After the Leamy Ladies disbanded following their 1911 appearance with Barnum & Bailey in Madison Square Garden, Leitzel remained in the United States. There is evidence she spent at least a part of the remainder of the season with Barnum & Bailey.
In December of 1911, she joined with her Aunt Tina to form the Leitzel Sisters. After what amounted to a tryout at the Columbia Theater in New York, the act was booked on the Orpheum circuit, the dominant vaudeville chain in the United States.
Tina worked on the trapeze and Leitzel worked on the rope and rings. As many reviews pointed out, Leitzel was the act. Tina just filled in the time between Leitzel’s astonishing aerial acrobatics. The finale of the act was the stunt that was to become Leitzel’s trademark, her swingovers. Hanging, suspended by one arm from a short looped rope, she turned herself into a human pinwheel, using her shoulder as the pivot. She would usually do 40 or 50 revolutions in the act.
In vaudeville, acrobatic acts, such as the Leitzel Sisters, were known as dumb acts or sight acts, because they did not require sound. They usually opened or closed the program on a vaudeville bill, because they were not so disturbed by the noise of late arriving and early departing audience members and because they were considered a notch below the acting, singing, dancing and comic acts which dominated the vaudeville scene.
For a little over a year, beginning in February 1912, the Leitzel Sisters worked the Orpheum circuit, opening and closing the bills in cities across the country. They played the best theaters in most of the big cities on the circuit, including New York, Chicago, San Francisco, Los Angeles, St Louis, Kansas City, Philadelphia and Baltimore, establishing themselves as one of the finest acts of their type. They received excellent reviews in the trade papers. And the manager’s reports, which all the theater managers maintained, were just as enthusiastic.
In April of 1913, Leitzel introduced a new act with a new partner: Leitzel and Jeanette. It was similar enough to the Leitzel Sisters that it was sometimes advertised as the Leitzel Sisters and sometimes reviewed as the Leitzel Sisters. Jeanette performed on the trapeze while Leitzel did her aerial magic on the rope and rings. The act became so highly regarded that it eventually earned a spot on the bill at the Palace Theater in New York, the most important and most prestigious vaudeville venue in the world, where it earned a superb review in Billboard.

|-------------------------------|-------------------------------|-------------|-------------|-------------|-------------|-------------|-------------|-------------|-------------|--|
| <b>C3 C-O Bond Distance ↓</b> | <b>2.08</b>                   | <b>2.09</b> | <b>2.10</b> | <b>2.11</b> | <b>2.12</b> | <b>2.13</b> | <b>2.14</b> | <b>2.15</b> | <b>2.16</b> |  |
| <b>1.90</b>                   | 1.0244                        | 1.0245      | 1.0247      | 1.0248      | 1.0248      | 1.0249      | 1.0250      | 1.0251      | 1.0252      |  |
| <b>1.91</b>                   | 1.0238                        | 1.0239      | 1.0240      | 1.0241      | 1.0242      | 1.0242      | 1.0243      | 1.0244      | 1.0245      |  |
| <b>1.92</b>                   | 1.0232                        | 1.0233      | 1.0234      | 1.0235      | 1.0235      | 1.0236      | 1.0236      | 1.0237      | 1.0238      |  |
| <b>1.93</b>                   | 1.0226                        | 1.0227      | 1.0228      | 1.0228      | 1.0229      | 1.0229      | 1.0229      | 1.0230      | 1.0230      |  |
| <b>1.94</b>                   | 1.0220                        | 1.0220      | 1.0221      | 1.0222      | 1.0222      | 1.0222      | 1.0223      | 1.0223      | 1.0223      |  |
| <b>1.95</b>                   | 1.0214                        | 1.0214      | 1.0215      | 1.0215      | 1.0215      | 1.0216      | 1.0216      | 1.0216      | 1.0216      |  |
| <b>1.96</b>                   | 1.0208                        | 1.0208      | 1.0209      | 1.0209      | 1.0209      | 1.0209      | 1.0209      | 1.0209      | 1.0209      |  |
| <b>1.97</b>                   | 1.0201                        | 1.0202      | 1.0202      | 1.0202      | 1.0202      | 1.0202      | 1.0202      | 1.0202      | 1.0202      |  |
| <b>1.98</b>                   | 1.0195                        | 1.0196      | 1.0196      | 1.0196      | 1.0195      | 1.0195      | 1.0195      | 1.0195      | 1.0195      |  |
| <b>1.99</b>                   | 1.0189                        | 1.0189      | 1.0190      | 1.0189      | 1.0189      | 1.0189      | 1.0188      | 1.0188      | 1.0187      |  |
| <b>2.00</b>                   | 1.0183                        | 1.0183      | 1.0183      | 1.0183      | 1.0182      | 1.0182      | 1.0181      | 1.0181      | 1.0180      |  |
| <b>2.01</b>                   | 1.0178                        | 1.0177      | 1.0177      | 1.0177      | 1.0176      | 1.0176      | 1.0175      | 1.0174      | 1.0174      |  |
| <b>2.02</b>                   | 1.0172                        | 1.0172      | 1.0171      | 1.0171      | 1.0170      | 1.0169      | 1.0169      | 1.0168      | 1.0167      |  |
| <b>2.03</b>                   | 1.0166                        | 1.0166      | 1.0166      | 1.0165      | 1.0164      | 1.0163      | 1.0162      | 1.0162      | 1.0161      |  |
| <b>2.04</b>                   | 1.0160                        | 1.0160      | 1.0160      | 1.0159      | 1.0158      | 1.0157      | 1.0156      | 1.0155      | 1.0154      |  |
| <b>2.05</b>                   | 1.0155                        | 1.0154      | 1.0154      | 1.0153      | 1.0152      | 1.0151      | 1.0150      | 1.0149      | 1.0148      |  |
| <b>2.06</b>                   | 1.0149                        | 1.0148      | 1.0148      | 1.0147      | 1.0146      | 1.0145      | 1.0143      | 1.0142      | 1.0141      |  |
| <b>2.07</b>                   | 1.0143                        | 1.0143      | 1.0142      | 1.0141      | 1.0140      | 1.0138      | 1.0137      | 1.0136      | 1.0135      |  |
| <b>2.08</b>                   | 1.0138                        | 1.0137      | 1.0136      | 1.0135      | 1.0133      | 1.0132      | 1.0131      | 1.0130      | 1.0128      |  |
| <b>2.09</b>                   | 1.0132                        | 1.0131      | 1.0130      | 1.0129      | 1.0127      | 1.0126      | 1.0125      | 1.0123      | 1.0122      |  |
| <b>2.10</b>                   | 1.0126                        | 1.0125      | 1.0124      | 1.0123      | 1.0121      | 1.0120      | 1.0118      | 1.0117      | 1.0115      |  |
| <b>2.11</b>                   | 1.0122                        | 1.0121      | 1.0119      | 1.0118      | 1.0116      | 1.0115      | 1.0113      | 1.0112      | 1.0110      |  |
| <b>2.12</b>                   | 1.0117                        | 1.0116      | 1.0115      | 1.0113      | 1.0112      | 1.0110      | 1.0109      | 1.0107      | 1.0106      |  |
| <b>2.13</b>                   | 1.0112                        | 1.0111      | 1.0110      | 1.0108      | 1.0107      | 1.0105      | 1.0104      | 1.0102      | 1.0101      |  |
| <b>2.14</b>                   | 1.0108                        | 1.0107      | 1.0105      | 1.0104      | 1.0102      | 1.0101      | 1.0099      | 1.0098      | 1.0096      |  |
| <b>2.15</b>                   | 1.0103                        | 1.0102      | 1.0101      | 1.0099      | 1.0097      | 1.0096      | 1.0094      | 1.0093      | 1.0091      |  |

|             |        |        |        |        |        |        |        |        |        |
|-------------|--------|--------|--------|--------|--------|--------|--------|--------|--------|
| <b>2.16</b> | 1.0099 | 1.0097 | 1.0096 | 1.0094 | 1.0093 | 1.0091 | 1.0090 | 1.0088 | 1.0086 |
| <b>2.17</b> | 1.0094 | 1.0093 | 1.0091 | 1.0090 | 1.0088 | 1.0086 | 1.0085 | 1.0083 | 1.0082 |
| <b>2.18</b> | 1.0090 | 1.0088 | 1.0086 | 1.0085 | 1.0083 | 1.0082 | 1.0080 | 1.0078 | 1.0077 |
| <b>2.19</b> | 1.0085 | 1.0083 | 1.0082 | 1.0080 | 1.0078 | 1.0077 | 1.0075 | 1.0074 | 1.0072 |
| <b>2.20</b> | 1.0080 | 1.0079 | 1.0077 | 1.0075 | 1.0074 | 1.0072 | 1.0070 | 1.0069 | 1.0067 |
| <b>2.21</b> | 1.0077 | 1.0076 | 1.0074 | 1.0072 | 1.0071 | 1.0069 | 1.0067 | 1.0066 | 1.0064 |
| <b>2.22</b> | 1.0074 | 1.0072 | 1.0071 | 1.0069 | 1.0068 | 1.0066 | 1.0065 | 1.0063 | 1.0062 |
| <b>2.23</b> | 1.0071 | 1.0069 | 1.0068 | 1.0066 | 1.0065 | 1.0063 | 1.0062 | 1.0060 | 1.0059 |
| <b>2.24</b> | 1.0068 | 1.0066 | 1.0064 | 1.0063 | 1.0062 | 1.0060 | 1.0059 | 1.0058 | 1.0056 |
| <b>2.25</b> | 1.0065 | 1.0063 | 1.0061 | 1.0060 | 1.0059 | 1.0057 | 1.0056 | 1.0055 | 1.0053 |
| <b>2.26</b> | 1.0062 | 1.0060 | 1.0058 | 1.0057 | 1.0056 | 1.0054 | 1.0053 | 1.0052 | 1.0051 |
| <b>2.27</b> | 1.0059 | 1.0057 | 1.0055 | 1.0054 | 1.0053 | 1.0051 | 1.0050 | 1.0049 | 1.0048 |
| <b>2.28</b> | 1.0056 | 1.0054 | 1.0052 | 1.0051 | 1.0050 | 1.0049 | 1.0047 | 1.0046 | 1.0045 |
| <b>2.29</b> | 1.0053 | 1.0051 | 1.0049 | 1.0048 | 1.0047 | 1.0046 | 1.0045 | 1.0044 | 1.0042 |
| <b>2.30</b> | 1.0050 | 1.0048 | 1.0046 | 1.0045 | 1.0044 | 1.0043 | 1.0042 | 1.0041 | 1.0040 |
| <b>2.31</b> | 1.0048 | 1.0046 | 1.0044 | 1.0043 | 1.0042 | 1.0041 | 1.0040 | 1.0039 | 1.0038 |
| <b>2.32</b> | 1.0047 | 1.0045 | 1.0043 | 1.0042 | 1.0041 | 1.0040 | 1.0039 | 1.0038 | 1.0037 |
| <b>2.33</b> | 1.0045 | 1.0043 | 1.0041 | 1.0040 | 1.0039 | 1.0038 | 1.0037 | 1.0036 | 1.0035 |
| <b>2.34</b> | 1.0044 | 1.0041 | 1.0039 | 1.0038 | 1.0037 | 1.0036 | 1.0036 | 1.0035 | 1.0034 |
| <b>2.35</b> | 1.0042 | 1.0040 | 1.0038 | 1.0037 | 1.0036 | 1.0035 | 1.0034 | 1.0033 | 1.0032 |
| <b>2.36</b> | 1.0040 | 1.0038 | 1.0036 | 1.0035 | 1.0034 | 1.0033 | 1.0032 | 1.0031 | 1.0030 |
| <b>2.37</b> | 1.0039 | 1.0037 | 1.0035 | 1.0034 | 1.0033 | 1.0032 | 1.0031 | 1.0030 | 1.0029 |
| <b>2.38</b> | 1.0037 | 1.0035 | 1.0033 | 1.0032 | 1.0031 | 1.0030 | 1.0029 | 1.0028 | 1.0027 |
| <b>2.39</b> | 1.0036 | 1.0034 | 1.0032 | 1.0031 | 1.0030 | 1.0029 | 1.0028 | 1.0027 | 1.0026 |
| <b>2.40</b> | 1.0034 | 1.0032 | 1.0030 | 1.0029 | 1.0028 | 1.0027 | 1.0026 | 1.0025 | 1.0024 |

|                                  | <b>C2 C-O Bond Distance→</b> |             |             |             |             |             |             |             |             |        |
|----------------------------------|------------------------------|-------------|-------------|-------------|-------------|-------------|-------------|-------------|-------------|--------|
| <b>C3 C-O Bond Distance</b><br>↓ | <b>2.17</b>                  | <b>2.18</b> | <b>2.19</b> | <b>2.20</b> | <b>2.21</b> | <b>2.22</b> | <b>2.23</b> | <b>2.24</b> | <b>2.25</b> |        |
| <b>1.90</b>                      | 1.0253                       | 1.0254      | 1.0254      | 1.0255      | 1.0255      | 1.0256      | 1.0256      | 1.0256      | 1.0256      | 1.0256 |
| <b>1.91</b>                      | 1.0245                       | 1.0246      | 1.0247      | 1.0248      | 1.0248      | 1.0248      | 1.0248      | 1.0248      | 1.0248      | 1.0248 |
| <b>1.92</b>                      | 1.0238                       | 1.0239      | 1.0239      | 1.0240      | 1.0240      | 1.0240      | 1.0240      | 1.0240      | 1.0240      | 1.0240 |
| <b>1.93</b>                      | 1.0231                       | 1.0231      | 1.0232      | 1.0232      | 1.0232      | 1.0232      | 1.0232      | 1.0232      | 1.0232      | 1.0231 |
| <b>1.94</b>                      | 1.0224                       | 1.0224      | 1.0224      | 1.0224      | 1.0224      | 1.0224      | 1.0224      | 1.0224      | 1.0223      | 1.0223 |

The road for the act stayed smooth until they reached the Chicago Palace in September 1914. According to the opening night reviews, the act was sensational and closed big, but they disappeared from the program after opening night. It was later reported that it had been on doctors orders that Leitzel had cancelled her appearances. Whatever the reason, within a month, Leitzel and Jeanette found themselves exiled to split week engagements in the vaudeville hinterlands. Split weeks, requiring a performers to play two cities every week, were the bane of a vaudevillians existence.
One of the venues that Leitzel and Jeanette played while they were working split weeks was South Bend, Indiana. It was the week before Thanksgiving. Ringling executive Fred Warrell, who was spending the holidays in his hometown of South Bend, was alerted to Leitzel’s appearance by a publicity man at the South Bend Orpheum. When he saw her act, he offered her a contract on the spot. Leitzel, in response, gave Warrell a list of demands to take back to his bosses. Two months later, Warrell came back to Leitzel with a contract that included an extraordinary provision granting Leitzel a private stateroom on the circus train and a salary of $200 per week in Chicago and $150 per week on the road. The Ringling Brothers had a new center ring attraction and the vaudeville team of Leitzel and Jeanette ended their association.